Cablegate Chronicles: The Secret History of the Chechen War

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A State Department official summarizes what really happened in Chechnya. 

FROM: MOSCOW, RUSSIA
TO: STATE DEPARTMENT
DATE: MAY 30, 2006
CLASSIFICATION: CONFIDENTIAL
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The Secret History of the Chechen War -------------------------------------

¶8. (C) The lack of central control over the military, as well as officers' cupidity, may have been a prime cause of the first Chechnya War. Immediately after the collapse of the Soviet Union, energy prices in the "ruble zone" were 3 percent of world market prices. Government officials and their partners bought oil at ruble prices, diverted it abroad, and sold it on the world market. The military joined in this arbitrage. Pavel Grachev, then Defense Minister, reportedly diverted oil to Western Group of Forces commander Burlakov, who sold it in Germany.

¶9. (C) Chechnya was a major entrepot for laundering oil for this arbitrage. It appears to have been used both by the military (including Grachev) and the Khasbulatov-Rutskoy axis in the Duma. Dudayev had declared independence, but remained part of the Russian elite. Chechnya's independence, oilfields, refineries and pipelines made Chechnya perfect for laundering oil. Planes, trains, buses and roads and pipelines to Chechnya were functioning, allowing anyone and anything to transit -- except auditors. In the early 1990's millions of tons of "Russian" oil entered Chechnya and were magically transformed into "Chechen" oil to be sold on the world market at world prices. Some of the proceeds went to buy the Chechens weaponry, most of it from the Russian military, and another lucrative trade developed. Dudayev took much of his cut of the proceeds in weapons. The Groznyy Bazaar was notorious in the early 1990s for the quantity and variety of arms for sale, including heavy weaponry.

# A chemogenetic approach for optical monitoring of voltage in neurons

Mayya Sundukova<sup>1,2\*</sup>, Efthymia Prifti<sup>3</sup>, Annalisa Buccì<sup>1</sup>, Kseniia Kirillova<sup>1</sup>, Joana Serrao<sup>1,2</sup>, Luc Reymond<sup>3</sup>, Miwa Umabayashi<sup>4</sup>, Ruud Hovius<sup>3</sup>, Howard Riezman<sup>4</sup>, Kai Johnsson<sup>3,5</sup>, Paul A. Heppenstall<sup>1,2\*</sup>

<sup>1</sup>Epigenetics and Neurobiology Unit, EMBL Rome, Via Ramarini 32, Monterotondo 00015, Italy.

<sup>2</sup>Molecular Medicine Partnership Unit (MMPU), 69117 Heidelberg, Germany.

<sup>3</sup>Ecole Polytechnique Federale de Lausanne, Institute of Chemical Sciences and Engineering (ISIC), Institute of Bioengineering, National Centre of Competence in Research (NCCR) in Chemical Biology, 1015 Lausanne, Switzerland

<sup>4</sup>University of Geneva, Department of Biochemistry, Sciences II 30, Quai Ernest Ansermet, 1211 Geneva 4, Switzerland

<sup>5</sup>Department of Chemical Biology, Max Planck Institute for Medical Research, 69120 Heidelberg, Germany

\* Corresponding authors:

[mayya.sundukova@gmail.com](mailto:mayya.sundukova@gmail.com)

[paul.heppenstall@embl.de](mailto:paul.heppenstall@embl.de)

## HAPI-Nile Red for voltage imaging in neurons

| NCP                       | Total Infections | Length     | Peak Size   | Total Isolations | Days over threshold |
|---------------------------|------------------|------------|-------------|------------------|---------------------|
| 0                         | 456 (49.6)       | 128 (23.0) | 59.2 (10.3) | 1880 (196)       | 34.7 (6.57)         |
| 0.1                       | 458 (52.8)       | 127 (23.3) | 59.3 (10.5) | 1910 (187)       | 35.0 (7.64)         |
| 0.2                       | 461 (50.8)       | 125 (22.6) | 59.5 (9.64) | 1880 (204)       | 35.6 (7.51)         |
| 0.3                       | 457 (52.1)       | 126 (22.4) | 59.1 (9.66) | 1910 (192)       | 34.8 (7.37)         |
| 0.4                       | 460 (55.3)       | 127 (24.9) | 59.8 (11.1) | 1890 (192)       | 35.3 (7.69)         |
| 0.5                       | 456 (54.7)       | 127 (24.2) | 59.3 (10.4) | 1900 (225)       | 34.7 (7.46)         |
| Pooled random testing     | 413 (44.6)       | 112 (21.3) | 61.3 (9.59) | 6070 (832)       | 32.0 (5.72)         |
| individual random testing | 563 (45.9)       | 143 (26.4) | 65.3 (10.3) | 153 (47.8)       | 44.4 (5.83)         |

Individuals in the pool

¶10. (C) Chechnya was the home of Ruslan Khasbulatov and served various purposes for his faction of the Russian elite. He took advantage of the army's independence from Yeltsin's control. An informed source believes that it was Khasbulatov, not the "official" Russian government, who facilitated the transfer of Shamil Basayev and his heavily-armed fighters from Chechnya into Abkhazia in 1992, and who ordered the Russian air force to bomb Sukhumi when Shevardnadze went there to take personal command of the Georgians' last stand in July 1993. The Yeltsin government always denied that it bombed Sukhumi, despite Western eyewitness accounts confirming the bombing and the insignia on the planes. Given the confusion of those years, it could well be that the order originated in the Duma, not the Kremlin.

¶11. (C) After Khasbulatov and Rutskoy were written out of the Russian equation in October 1993, so was Dudayev. Clandestine Russian support for the Chechen political and military opposition to Dudayev began in the spring of 1994, according to participants. When that proved ineffective, Russian bombing was deployed. (One Dudayev opponent recounted that in 1994 a Russian pilot was given a mission to fire a missile into one of the top-floor corners of Groznyy's Presidency building at a time when Dudayev was scheduled to hold a cabinet meeting there. Not knowing Groznyy, the pilot asked which building to bomb, and was told "the tallest one." He bombed a residential apartment building.) When air power, too, proved ineffective, Russian troops were secretly sent in to reinforce the armed opposition. Dudayev's forces captured about a dozen and put them on television -- and the Russian invasion began shortly thereafter.

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